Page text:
The UK’s foreign minister, Boris Johnson, is set to address the Conservative Party conference today amidst suggestions that he is deliberately undermining Theresa May’s leadership of the party. George Kassimeris argues that for all the criticism Boris receives, he has demonstrated a capacity for scheming and ruthlessness that Machiavelli would have applauded, and which could yet take him into Number 10.

Credit: Foreign and Commonwealth Office (CC BY 2.0)

Don’t be fooled by Boris Johnson’s latest antics in Myanmar. Earlier this year, while inside the Shwedagon Pagoda, the most sacred Buddhist site in the capital Yangon, the UK foreign secretary started uttering the opening verse to The Road to Mandalay, including the line: “The temple bells they say / Come you back you English soldier.”

Yes, footage of the foreign secretary’s impromptu recital of a colonial-era poem, shot by Channel 4 as part of a documentary on Mr Johnson, was utterly embarrassing and completely against basic diplomatic protocol. And yes, the British ambassador was 1000% correct in asking him to stop. But such flag-waving nostalgia on display was not as impulsive as it looked. In fact, it was likely not impulsive at all.

Boris, in my view, knew what he was doing. In fact, contrary to popular belief, little that Boris Johnson does, says, or writes is impulsive or careless. Every statement, every intervention and every ‘gaffe’ has been calculated with precision to get Johnson eventually where he desperately wants to be: Number 10 Downing Street.

Let’s take, for example, his now infamous 4,000-word essay (manifesto is perhaps a better description) for the Daily Telegraph in mid-September, laying out his political vision on Brexit, days before his boss, Theresa May, was scheduled to give a much-anticipated speech on her Brexit policy in Florence.

The timing of the article said everything you needed to know about Johnson’s ambitions. For it was specifically designed to provoke, undermine and infuriate an already vulnerable Prime Minister. If Theresa May were to fire Johnson, she would instantly make him a martyr and even more dangerous. The whole idea of bringing Boris into the cabinet was precisely because it was thought that from inside he could be controlled and contained. So, she didn’t. And so it goes on.

Johnson has been called many things – an egomaniac, a narcissist, a charlatan, a clown (traits, it has to be said, which characterise many of those who inhabit the Westminster village) – but he seems to fully understand the relentless nature of present-day Brexit politics, and its sheer remorselessness. He is convinced that he will regain both his credibility and the ownership of the Brexit issue (both of which he lost during the Michael Gove leadership episode) only if he imposes the dual reality that Theresa May is unable to set the Brexit political agenda and that she is so irrevocably damaged that she is incapable of leading the Tories into the next election without losing badly. A dual reality which, in all honesty, becomes clearer with every passing day.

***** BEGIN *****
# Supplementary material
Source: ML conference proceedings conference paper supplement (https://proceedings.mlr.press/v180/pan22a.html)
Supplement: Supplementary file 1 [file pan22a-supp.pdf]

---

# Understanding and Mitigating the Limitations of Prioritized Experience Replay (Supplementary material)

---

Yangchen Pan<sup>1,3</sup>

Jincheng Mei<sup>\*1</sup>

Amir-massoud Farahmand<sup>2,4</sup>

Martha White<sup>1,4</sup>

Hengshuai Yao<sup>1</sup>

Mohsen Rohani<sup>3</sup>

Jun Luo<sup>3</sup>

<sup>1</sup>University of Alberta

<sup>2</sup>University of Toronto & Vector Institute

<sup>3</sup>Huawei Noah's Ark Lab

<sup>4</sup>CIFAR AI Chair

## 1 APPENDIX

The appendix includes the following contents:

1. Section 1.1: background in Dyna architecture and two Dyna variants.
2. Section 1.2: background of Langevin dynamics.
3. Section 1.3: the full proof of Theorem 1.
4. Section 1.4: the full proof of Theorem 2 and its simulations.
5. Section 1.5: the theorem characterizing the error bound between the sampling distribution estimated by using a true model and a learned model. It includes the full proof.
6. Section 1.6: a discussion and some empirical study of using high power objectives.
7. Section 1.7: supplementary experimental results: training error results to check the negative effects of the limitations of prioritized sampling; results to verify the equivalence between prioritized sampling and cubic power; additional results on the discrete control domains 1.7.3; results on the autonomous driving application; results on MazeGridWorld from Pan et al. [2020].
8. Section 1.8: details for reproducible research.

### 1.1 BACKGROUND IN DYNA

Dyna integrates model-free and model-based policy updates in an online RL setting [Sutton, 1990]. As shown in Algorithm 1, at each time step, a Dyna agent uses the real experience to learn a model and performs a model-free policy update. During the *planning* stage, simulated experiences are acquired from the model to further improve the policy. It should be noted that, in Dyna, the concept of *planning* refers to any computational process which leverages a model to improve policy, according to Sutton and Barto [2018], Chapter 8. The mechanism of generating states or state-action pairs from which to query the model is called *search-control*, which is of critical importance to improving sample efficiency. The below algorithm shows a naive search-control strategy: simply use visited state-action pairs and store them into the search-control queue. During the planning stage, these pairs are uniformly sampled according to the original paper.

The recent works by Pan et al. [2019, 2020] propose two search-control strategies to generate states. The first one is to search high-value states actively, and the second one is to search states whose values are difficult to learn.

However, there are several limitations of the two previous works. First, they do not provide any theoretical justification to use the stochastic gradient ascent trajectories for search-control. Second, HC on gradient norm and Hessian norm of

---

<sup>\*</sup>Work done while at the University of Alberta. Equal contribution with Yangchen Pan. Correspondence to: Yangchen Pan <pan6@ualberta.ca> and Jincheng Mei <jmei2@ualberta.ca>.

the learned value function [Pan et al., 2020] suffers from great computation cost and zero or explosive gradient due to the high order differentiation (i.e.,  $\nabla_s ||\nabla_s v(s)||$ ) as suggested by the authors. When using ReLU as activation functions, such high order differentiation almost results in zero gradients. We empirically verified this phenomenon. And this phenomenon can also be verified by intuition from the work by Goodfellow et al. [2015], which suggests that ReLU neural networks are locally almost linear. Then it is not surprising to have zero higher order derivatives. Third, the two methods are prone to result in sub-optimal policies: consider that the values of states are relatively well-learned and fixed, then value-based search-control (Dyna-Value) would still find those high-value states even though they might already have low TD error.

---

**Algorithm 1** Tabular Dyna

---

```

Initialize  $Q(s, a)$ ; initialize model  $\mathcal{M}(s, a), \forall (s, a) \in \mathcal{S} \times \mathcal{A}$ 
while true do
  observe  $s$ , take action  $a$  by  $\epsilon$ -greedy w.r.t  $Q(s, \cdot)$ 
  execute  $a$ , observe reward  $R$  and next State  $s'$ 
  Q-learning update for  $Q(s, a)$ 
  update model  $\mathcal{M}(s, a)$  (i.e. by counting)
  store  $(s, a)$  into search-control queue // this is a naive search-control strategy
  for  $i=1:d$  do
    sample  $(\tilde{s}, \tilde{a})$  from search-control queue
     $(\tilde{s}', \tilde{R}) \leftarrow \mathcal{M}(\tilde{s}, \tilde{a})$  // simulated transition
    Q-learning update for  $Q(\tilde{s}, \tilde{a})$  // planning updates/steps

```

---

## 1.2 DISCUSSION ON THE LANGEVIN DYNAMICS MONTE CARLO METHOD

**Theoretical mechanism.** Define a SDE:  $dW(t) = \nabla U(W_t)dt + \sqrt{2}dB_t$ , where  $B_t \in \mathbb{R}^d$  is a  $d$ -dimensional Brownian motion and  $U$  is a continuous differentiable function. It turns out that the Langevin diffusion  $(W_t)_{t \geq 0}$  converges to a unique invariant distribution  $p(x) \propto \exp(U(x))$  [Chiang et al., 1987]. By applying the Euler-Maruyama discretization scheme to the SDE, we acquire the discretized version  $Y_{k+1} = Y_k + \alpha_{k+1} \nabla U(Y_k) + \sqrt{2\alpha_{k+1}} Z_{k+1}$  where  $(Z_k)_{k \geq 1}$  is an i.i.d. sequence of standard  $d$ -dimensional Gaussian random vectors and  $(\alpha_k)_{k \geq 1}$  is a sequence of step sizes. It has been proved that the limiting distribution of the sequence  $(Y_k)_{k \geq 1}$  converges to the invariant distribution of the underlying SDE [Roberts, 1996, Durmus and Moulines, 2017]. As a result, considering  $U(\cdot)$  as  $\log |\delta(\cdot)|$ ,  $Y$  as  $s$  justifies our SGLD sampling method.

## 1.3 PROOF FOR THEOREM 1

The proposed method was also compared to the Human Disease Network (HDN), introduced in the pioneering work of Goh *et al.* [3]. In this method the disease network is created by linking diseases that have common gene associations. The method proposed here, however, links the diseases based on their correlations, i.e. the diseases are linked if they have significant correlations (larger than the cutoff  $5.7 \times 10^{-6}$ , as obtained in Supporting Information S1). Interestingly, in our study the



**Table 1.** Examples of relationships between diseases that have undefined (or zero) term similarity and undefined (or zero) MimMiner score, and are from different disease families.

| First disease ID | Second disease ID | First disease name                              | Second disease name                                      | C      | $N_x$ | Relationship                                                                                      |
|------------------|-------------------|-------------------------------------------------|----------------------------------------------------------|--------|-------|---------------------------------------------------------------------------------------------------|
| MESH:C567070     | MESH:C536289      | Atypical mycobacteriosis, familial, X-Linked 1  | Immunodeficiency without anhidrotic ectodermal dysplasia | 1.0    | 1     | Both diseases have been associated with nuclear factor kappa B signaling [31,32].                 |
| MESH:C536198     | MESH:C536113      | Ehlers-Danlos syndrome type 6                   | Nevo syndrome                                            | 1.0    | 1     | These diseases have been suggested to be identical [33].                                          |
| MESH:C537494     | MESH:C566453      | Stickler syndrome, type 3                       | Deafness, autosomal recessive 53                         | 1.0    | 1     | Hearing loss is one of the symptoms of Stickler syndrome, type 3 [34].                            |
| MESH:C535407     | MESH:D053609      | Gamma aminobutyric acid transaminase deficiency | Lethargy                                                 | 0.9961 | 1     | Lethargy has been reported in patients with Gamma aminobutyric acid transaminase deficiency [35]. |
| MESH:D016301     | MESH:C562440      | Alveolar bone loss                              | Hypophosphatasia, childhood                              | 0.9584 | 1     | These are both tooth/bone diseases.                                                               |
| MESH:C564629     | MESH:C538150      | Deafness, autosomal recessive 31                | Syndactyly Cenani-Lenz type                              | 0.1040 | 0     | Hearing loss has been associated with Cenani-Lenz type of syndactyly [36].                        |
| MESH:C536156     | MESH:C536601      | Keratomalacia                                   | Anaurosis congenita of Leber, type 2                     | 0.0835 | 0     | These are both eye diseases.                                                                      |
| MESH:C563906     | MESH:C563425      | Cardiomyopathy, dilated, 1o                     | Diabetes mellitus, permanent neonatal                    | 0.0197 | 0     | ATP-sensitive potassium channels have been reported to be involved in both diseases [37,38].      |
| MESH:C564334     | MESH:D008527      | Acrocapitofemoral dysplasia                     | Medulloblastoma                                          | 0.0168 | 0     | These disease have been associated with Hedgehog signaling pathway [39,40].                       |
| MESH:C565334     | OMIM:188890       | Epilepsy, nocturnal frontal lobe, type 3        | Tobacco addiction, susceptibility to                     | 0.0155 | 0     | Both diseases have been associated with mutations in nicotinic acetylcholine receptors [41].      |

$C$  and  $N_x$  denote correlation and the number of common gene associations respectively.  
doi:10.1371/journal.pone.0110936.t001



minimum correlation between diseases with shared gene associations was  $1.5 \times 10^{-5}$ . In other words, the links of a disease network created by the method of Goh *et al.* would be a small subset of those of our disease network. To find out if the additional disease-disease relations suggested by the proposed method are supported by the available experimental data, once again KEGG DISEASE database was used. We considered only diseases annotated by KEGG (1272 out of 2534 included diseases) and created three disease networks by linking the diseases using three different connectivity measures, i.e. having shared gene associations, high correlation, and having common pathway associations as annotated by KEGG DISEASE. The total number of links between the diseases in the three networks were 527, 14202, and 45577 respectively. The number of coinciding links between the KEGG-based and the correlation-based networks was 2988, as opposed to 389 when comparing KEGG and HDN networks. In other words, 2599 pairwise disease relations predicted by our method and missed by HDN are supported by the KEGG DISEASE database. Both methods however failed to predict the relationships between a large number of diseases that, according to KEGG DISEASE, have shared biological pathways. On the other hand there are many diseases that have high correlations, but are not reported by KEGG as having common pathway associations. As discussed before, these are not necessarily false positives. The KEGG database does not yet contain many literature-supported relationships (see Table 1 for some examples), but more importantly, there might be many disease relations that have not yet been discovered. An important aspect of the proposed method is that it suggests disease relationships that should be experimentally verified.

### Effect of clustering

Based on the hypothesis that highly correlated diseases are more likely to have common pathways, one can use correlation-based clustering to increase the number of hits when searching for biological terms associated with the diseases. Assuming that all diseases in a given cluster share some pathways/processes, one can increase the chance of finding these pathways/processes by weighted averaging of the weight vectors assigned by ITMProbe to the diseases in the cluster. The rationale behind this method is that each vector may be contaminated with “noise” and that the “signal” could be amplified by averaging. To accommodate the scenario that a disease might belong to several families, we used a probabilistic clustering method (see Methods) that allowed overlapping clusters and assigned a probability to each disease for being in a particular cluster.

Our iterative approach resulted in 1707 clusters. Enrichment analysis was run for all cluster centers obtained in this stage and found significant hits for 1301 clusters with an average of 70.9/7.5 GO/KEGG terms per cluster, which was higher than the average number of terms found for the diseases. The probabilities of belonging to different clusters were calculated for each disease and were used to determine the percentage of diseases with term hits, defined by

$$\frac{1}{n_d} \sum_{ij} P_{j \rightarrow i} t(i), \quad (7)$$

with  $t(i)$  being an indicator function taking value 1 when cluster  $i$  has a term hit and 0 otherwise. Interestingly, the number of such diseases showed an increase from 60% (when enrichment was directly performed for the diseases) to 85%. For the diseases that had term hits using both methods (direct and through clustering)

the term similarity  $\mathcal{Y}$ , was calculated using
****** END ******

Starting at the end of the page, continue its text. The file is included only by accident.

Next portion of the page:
We are witnessing a power struggle, a vicious war in a Tory party that is rapidly losing its political confidence to deal with the biggest economic and political challenge the UK has faced since the Second World War, fought out between a Prime Minister who seems to lack the authority to set the political agenda and her main party political opponent who, sensing that the force is with him, will keep pushing, keep strengthening his language, and keep adding to his list of demands. His interview with the Sun newspaper on the eve of the Conservative Party Conference in Manchester, when he insisted the proposed transition period when the UK leaves the EU must not last more than two years ‘ and not a second more’ is a case in point.

Ambitious politicians always operate in compromised territory, living on the edge, taking risks, pushing the limits, constantly varnishing and distorting the truth. Only when one begins to look at Boris Johnson in these terms does it become apparent just how brilliant a political operator he really is. For all the drama and political theatre of the last few months, he has demonstrated a capacity for scheming, manipulation and ruthlessness that Machiavelli would have applauded.

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Note: This article gives the views of the author, not the position of EUROPP – European Politics and Policy or the London School of Economics.

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About the author

George Kassimeris – University of Wolverhampton
Professor George Kassimeris is chair in security studies at the University of Wolverhampton. He tweets @GKassimeris

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